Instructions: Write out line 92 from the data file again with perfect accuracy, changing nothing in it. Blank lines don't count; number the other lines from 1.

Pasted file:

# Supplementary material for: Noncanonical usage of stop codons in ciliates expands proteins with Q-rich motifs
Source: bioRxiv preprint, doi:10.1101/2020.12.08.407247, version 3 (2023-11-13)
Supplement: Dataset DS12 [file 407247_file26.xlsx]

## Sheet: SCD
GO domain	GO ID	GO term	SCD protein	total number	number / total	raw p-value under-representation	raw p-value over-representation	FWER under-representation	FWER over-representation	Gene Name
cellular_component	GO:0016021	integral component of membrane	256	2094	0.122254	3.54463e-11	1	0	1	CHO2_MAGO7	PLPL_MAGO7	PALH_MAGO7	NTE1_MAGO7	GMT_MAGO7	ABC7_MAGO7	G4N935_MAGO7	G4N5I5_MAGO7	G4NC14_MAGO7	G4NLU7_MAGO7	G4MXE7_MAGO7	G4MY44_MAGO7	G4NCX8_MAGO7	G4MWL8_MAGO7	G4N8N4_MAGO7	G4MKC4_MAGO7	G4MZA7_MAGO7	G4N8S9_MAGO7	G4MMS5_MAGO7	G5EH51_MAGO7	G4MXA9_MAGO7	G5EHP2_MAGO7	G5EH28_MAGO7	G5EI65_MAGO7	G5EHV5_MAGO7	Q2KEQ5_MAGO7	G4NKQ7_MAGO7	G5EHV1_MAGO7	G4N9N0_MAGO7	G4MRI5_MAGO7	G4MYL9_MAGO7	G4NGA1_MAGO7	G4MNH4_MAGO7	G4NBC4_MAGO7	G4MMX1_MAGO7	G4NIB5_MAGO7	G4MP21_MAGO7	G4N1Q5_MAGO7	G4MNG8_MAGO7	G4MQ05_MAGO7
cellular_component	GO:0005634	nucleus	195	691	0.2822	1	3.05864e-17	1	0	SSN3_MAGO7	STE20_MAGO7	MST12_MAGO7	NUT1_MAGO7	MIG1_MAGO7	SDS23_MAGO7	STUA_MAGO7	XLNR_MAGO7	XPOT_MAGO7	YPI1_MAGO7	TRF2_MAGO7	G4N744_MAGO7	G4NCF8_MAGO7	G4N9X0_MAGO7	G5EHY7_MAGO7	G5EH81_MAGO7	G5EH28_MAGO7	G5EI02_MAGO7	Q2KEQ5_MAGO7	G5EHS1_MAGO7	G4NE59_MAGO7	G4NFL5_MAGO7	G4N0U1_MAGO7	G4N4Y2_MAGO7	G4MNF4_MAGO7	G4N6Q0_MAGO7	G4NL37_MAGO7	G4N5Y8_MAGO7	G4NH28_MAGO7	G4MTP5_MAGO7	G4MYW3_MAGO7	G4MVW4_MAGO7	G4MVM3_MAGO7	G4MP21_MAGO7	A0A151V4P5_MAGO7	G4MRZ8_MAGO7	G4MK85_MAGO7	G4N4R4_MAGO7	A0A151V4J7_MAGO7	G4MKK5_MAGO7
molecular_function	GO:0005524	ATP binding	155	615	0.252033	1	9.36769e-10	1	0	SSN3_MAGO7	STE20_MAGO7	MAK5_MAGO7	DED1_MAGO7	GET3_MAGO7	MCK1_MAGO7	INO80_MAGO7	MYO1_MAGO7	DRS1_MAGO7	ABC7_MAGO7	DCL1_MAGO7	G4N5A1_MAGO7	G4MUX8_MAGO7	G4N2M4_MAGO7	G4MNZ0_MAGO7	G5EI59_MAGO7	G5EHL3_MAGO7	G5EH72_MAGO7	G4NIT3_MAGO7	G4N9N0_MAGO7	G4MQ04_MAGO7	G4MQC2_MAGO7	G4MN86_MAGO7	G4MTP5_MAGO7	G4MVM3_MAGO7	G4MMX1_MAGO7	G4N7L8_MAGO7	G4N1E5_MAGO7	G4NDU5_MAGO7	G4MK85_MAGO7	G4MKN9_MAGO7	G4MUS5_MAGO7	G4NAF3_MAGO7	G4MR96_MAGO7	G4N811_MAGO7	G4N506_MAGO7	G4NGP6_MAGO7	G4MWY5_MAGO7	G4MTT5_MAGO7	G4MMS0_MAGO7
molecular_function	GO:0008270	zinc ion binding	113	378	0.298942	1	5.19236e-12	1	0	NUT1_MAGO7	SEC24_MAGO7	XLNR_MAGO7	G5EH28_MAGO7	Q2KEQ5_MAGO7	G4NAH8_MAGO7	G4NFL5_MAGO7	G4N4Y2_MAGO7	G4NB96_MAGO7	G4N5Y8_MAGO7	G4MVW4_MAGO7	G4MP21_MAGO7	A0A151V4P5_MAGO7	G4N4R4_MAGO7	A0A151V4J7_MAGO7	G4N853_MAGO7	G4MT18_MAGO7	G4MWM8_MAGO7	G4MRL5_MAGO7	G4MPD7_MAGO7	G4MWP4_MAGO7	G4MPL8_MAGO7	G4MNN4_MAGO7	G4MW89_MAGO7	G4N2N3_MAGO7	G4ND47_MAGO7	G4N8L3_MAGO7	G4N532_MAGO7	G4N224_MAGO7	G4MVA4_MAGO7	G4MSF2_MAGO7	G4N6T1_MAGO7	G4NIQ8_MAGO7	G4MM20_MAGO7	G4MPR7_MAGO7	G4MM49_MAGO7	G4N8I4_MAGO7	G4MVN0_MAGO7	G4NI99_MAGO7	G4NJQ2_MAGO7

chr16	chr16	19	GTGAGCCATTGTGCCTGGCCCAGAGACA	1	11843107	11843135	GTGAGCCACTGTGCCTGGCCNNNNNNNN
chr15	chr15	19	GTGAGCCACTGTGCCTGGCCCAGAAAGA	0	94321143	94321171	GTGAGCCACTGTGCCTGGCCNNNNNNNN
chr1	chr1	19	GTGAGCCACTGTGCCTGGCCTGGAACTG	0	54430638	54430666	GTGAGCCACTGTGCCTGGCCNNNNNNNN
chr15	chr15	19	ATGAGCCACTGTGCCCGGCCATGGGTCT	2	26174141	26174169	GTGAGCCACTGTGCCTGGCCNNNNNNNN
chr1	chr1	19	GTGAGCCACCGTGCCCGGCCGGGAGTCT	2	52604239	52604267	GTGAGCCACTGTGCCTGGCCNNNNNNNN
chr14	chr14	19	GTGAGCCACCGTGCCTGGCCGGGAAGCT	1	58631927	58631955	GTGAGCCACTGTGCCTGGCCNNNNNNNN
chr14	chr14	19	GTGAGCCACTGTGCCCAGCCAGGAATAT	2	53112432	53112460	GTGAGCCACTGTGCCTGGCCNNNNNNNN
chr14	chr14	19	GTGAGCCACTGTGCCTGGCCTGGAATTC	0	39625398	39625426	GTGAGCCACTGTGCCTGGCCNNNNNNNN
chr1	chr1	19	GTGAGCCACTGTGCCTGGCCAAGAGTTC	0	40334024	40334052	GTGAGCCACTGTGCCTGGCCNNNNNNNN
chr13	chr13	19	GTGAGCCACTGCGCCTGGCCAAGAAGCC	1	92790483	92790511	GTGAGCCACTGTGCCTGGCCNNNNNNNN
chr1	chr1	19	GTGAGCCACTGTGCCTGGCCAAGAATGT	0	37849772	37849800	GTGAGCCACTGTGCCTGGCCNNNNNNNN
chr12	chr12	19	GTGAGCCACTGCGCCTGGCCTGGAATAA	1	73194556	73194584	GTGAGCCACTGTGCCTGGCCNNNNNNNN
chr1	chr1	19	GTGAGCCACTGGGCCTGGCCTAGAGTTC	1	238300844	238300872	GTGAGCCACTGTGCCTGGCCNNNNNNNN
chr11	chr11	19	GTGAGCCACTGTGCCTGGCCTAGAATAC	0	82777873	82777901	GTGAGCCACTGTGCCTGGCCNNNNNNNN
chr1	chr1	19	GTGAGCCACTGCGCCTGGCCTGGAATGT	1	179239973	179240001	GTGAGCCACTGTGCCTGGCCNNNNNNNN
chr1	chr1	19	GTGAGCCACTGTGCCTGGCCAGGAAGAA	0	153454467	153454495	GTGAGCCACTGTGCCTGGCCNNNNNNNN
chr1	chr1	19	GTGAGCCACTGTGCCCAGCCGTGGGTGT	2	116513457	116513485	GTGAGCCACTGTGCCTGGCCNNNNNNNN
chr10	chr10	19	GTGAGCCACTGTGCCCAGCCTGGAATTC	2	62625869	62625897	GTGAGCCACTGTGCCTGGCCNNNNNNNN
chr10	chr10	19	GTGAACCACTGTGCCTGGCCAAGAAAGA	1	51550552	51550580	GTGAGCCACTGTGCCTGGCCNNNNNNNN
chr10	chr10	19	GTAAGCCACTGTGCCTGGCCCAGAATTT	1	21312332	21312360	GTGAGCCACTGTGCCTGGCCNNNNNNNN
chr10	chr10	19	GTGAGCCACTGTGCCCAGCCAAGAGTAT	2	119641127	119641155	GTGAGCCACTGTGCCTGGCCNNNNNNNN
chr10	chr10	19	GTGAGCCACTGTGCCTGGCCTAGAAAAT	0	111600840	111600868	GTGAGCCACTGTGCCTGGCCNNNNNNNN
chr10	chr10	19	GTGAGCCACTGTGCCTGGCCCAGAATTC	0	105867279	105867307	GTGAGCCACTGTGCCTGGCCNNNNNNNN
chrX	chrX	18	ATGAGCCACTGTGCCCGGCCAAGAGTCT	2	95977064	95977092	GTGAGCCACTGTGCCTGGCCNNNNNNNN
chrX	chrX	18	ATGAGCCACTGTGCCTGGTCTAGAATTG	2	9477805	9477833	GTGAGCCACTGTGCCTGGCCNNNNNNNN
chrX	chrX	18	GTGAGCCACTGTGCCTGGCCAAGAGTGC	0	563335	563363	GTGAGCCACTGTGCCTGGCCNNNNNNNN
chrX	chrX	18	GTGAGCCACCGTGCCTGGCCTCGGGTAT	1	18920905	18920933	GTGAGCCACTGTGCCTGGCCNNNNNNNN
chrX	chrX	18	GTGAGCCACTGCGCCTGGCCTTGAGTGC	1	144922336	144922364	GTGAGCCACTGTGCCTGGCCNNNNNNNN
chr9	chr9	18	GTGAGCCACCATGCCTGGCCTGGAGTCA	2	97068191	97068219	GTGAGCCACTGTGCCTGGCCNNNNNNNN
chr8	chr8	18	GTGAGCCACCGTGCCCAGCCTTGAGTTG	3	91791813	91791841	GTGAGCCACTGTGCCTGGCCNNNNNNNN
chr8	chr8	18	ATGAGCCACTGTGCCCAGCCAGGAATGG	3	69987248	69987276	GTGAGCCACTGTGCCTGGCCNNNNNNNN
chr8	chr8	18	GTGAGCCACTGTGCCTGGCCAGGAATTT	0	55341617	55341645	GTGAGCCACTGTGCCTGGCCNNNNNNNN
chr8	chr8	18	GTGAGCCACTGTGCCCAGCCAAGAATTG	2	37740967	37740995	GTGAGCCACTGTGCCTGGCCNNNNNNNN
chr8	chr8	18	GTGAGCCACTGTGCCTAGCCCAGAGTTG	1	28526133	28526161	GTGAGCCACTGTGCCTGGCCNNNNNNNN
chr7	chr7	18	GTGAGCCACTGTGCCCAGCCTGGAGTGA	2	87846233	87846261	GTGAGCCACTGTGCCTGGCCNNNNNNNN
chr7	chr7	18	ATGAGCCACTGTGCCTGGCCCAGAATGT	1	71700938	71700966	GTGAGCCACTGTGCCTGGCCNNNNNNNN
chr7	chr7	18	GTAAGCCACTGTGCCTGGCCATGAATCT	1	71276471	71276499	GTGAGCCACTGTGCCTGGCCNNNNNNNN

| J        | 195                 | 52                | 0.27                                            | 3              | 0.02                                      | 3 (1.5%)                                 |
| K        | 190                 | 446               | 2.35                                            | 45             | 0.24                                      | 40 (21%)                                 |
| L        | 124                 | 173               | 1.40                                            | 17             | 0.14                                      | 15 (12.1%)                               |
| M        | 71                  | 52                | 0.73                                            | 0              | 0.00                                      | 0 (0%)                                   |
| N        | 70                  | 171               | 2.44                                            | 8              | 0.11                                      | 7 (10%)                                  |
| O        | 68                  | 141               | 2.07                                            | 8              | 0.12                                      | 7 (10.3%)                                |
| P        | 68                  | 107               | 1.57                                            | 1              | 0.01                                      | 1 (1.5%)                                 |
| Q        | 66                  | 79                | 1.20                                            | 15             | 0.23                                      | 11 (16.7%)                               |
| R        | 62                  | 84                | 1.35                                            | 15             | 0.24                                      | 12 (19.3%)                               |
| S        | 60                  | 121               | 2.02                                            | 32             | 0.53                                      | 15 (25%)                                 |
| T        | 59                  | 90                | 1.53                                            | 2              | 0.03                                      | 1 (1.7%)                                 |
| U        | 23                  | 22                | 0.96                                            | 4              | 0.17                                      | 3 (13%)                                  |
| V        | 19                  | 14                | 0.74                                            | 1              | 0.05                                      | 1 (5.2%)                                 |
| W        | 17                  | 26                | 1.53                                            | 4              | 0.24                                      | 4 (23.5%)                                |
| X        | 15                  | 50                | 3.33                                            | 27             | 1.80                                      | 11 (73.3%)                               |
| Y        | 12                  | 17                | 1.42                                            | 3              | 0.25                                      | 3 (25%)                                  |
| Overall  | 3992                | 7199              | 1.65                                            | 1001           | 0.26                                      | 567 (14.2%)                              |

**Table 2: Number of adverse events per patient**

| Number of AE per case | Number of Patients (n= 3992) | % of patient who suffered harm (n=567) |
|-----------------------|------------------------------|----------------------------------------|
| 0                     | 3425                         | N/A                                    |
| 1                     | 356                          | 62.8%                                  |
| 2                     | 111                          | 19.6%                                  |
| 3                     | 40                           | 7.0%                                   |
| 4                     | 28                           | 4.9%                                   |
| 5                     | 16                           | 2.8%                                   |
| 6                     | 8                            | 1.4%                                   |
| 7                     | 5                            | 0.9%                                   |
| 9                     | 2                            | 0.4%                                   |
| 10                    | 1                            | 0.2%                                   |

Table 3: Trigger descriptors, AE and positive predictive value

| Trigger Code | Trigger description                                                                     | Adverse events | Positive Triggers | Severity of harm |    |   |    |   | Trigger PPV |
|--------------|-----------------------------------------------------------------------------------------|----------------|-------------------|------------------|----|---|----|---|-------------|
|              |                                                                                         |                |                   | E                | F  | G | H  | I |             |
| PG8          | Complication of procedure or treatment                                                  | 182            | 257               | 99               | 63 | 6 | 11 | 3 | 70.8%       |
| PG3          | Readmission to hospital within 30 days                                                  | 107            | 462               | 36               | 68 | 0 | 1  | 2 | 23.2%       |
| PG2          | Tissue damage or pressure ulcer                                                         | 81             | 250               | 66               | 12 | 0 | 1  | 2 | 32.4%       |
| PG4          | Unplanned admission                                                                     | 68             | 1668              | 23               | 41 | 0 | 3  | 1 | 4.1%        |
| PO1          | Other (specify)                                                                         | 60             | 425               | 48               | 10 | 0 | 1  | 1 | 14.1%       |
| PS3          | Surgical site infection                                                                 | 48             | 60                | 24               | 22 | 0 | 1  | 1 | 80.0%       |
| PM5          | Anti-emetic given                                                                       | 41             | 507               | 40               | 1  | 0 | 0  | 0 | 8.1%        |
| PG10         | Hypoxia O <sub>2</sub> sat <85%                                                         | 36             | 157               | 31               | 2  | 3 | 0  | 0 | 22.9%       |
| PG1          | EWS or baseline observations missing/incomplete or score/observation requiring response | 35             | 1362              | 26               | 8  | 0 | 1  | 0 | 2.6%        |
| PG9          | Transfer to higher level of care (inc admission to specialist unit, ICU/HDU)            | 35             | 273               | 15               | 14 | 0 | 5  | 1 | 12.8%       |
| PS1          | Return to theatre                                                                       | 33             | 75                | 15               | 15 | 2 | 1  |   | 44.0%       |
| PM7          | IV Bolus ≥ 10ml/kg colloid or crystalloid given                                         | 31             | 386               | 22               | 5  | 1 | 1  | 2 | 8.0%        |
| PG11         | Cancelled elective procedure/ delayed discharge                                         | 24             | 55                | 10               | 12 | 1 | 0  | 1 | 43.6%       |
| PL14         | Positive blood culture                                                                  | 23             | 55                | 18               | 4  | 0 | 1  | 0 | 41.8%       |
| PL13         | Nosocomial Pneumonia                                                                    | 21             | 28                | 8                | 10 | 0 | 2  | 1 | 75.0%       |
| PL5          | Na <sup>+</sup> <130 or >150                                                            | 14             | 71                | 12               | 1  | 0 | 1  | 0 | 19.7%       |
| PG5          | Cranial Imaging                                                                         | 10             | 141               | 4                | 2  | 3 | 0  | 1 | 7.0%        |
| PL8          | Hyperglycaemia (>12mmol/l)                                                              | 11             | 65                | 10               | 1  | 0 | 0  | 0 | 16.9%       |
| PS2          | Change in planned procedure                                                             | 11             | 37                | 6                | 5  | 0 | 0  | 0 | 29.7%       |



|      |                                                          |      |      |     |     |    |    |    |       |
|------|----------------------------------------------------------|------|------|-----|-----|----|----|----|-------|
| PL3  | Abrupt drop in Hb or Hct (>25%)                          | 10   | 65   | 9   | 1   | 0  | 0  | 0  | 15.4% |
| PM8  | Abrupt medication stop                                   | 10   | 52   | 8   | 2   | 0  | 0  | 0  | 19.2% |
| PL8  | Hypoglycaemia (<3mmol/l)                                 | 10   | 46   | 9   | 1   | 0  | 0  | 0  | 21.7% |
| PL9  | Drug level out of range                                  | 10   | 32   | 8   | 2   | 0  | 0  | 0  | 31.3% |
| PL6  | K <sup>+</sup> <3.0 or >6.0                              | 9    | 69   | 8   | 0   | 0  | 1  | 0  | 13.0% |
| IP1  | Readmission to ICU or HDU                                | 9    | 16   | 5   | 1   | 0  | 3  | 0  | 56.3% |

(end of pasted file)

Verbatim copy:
| PM7          | IV Bolus ≥ 10ml/kg colloid or crystalloid given                                         | 31             | 386               | 22               | 5  | 1 | 1  | 2 | 8.0%        |